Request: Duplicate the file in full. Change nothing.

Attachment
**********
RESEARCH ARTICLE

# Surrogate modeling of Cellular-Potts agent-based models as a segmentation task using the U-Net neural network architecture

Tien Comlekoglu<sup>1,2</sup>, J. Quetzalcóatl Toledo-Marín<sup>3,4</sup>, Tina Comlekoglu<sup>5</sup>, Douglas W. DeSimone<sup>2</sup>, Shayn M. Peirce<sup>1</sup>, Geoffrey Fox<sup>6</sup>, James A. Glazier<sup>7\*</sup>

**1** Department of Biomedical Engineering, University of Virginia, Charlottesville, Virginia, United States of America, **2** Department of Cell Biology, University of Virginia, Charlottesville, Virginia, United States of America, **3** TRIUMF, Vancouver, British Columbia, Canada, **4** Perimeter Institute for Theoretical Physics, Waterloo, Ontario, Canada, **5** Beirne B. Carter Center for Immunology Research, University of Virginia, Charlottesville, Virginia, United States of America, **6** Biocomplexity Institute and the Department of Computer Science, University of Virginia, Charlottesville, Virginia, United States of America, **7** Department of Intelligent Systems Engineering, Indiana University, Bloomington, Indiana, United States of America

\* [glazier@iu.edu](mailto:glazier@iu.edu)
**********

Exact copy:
RESEARCH ARTICLE

# Surrogate modeling of Cellular-Potts agent-based models as a segmentation task using the U-Net neural network architecture

Tien Comlekoglu<sup>1,2</sup>, J. Quetzalcóatl Toledo-Marín<sup>3,4</sup>, Tina Comlekoglu<sup>5</sup>, Douglas W. DeSimone<sup>2</sup>, Shayn M. Peirce<sup>1</sup>, Geoffrey Fox<sup>6</sup>, James A. Glazier<sup>7\*</sup>

**1** Department of Biomedical Engineering, University of Virginia, Charlottesville, Virginia, United States of America, **2** Department of Cell Biology, University of Virginia, Charlottesville, Virginia, United States of America, **3** TRIUMF, Vancouver, British Columbia, Canada, **4** Perimeter Institute for Theoretical Physics, Waterloo, Ontario, Canada, **5** Beirne B. Carter Center for Immunology Research, University of Virginia, Charlottesville, Virginia, United States of America, **6** Biocomplexity Institute and the Department of Computer Science, University of Virginia, Charlottesville, Virginia, United States of America, **7** Department of Intelligent Systems Engineering, Indiana University, Bloomington, Indiana, United States of America

\* [glazier@iu.edu](mailto:glazier@iu.edu)